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Not All Gasoline Blends Are Up to Standard

Second-tier fuels can increase engine wear, reduce mileage, warns AAA.

by on Jul.07, 2016

The vast majority of American motorists buy gasoline based on price, not additives.

Hoping to save a few cents whenever it’s time to fill up your fuel tank? You may be wasting your money in the long-term.

Some bargain brand gasoline blends fall short when it comes to adding the detergents needed to keep your engine running smooth and clean, warns a new AAA study. And that can translate into lower mileage, increased emissions and poorer performance – never mind added wear on your car’s engine.

What a Gas!

“AAA was surprised to learn the extent to which detergent additives impact gasoline quality,” said John Nielsen, AAA’s managing director of Automotive Engineering and Repair. “By selecting a quality gasoline, drivers can minimize engine deposits, increase vehicle performance and improve fuel economy.”

(Surging truck sales hurting U.S. fuel economy. Click Here for the story.)

Since 1996, federal rules have required gasoline refiners to add engine-cleaning additives. While some meet the minimum standards, others use additional detergents and other chemicals designed to prevent deposits and keep engines running smoothly.

The new study used an independent lab to test what happens when using various blends of gasoline, some with added detergents, others just meeting the federal standards. Lower-quality fuel, the study revealed, can leave as much as 19 times more deposits on engine intake valves after just 4,000 miles of driving.

Fuels just meeting the minimum standard can create 19 times more deposits on intake valves.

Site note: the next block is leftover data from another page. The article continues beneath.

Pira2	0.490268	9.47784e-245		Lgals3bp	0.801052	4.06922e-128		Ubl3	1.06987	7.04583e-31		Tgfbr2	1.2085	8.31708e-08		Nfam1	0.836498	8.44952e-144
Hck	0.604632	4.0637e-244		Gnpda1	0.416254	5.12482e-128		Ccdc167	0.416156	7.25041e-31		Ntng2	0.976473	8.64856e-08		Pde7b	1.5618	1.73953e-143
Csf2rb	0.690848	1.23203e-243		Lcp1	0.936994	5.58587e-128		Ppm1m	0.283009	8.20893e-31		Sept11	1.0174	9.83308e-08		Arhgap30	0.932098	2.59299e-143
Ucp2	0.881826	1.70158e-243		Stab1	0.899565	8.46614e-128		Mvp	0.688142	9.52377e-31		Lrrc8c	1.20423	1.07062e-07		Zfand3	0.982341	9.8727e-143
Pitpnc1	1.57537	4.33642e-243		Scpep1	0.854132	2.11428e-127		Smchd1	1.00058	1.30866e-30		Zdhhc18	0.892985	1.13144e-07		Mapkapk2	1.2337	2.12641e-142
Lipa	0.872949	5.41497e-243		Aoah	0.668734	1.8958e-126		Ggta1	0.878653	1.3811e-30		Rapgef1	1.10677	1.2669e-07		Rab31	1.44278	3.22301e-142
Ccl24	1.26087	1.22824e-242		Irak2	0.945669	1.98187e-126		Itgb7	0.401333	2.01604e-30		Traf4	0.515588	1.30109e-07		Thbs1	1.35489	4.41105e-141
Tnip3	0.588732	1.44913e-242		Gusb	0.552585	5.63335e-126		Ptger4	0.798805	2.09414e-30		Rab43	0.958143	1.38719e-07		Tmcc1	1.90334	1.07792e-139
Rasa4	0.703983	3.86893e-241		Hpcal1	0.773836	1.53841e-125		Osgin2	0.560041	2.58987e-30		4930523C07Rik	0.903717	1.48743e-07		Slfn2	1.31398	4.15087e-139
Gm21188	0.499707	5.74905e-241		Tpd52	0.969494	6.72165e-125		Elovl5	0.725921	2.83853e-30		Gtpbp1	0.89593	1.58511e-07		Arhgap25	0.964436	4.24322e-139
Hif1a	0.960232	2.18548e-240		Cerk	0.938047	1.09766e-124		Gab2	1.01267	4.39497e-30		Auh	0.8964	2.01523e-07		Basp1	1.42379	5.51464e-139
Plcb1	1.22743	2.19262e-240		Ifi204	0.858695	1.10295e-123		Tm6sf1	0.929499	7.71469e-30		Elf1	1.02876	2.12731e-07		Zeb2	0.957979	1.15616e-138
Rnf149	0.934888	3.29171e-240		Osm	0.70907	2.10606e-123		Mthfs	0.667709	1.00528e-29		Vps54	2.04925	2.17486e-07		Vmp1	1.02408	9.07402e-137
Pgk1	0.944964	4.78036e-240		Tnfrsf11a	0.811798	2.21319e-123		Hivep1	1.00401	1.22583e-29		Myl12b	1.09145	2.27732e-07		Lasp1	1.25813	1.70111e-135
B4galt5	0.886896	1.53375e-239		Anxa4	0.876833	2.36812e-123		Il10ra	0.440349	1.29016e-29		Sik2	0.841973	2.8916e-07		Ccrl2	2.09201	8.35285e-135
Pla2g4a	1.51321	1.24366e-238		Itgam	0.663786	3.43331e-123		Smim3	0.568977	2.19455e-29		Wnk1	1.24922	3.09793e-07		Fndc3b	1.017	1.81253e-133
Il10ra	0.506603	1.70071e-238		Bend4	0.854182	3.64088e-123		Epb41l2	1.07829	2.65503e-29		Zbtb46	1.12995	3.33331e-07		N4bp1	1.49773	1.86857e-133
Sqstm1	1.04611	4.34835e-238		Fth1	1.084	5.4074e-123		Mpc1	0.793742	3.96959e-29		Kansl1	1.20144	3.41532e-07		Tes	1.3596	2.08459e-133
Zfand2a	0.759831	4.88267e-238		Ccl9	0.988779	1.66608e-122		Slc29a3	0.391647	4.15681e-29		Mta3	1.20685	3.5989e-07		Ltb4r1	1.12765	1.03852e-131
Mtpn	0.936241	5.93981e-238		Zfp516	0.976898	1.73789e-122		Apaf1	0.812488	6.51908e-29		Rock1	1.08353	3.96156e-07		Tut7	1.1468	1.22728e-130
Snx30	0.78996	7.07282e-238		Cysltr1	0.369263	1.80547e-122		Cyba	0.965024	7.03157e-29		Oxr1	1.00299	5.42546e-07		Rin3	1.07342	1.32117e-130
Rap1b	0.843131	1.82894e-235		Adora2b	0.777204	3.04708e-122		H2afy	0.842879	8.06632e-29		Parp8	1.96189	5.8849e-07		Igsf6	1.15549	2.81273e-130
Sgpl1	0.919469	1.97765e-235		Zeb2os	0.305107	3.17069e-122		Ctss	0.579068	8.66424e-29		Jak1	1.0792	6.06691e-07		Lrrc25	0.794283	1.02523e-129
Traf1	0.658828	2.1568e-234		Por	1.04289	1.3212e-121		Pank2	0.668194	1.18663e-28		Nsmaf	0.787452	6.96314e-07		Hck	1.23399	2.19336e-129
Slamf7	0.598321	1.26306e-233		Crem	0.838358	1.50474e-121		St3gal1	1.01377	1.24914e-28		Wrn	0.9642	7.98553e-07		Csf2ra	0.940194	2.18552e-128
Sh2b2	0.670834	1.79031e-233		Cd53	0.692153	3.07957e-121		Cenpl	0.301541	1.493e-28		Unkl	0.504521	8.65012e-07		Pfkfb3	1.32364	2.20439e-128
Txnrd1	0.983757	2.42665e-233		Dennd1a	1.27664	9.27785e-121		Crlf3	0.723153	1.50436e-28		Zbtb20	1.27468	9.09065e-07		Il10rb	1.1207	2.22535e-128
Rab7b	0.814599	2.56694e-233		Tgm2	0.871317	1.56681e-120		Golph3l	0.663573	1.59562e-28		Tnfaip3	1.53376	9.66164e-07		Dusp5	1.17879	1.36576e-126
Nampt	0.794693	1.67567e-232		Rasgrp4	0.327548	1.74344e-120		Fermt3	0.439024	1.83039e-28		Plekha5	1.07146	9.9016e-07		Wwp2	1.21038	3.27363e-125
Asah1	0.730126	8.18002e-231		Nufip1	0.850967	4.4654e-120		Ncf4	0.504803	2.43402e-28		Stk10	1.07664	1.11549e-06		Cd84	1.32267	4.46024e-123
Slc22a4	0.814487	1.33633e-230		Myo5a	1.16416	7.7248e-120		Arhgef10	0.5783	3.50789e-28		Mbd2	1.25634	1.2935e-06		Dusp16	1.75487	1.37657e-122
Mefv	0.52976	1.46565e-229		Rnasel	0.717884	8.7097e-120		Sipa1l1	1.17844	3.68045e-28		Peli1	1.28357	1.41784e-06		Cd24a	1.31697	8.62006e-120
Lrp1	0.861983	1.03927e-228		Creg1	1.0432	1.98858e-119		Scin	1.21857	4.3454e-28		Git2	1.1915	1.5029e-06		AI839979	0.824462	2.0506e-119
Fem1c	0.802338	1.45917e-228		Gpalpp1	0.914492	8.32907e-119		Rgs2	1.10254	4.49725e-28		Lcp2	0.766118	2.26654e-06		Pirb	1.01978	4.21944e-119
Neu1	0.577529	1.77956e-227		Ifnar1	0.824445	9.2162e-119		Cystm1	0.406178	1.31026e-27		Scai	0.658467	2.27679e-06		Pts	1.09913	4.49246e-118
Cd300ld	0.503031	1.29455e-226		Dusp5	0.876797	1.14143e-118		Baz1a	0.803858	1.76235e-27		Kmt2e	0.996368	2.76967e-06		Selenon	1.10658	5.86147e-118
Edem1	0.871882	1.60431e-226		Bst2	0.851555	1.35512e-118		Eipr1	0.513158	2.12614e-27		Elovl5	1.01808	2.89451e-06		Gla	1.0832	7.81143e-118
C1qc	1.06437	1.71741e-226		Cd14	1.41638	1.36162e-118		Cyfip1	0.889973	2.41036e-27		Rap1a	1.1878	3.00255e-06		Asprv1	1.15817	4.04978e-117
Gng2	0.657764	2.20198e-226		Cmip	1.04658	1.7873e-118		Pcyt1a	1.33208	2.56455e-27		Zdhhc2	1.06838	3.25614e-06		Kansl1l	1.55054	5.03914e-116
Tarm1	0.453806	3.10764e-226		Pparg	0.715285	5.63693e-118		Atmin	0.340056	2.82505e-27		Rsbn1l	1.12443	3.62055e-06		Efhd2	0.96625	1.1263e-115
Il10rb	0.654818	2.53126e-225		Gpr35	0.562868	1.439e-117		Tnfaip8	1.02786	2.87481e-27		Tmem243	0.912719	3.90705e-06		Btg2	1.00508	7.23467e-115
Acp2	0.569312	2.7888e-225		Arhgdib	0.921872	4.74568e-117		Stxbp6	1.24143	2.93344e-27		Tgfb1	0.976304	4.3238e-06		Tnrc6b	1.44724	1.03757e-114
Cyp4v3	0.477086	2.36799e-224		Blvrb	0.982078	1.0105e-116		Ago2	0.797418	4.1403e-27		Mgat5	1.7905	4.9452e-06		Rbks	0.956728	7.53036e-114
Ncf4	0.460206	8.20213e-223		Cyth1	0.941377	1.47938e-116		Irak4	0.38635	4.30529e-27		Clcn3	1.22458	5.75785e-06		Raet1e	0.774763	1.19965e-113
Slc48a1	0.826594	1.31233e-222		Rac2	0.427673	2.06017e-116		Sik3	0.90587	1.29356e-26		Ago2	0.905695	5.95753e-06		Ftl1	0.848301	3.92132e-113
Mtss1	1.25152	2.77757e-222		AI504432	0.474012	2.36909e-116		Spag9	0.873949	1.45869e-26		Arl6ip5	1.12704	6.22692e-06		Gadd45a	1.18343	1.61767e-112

Reformulated fuels can make a big difference, according to research conducted by Michigan State University. Better blends can cut internal friction, especially in cylinders and piston rings, by as much as half, said MSU mechanical engineering professor Harold Schock, who was not involved in the AAA study.

Some companies have been promoting their additive-rich fuels. Shell, for example, launched a national media campaign when it introduced its NITRO+ blend a year ago. But such gasoline blends tend to add a few cents more per gallon to pump prices.

And that’s apparently a turn-off for the majority of American motorists. A consumer study by AAA found 75% of drivers picked a gas station based on its location, with 73% opting for the station with the best price. That’s reflected in the popularity of such online services and smartphone apps as GasBuddy, which help penny-pinching drivers locate the best deals.

Only one in eight motorists pick a gasoline brand based on the detergents and additives used, found AAA. More than twice as many are likely to be loyal to a brand that offers a good rewards program.

But the auto club said motorists should consider the long-term benefits of using so-called TOP TIER gasoline brands because they typically boost prices by just three cents a gallon.

(Carmakers want relief from tough 54.5 mpg CAFE standard. Ruling could come within days. Click Here for the latest.)

The TOP TIER program has the backing of a wide range of automakers, including BMW, Fiat Chrysler, General Motors, Honda, Mercedes-Benz and Volkswagen. It is designed to promote the increased use of engine-cleaning additives. There’s a benefit to manufacturers who may see reduced engine wear and longer life for emissions control systems – translating into lower warranty costs and increased customer satisfaction.

The good news, according to the study, is that motorists can actually reverse some engine damage by switching to better fuels.

“Fortunately, consumers can reverse some engine deposits simply by switching gasoline brands,” said Greg Brannon, AAA’s director of Automotive Engineering. “After a few thousand miles with TOP TIER gasoline, performance issues like rough idling or hesitation during acceleration can often be resolved.”

Refiners often use the most detergents in their premium gas grades, and studies have long found many motorists will try to “baby” their vehicles by using higher octane blends than are needed. But most experts say the best practice is to simply use the octane rating called for in the owner’s manual.

(VW confident it can fix 85,000 vehicles with 3-liter diesel engines. Click Here for more.)

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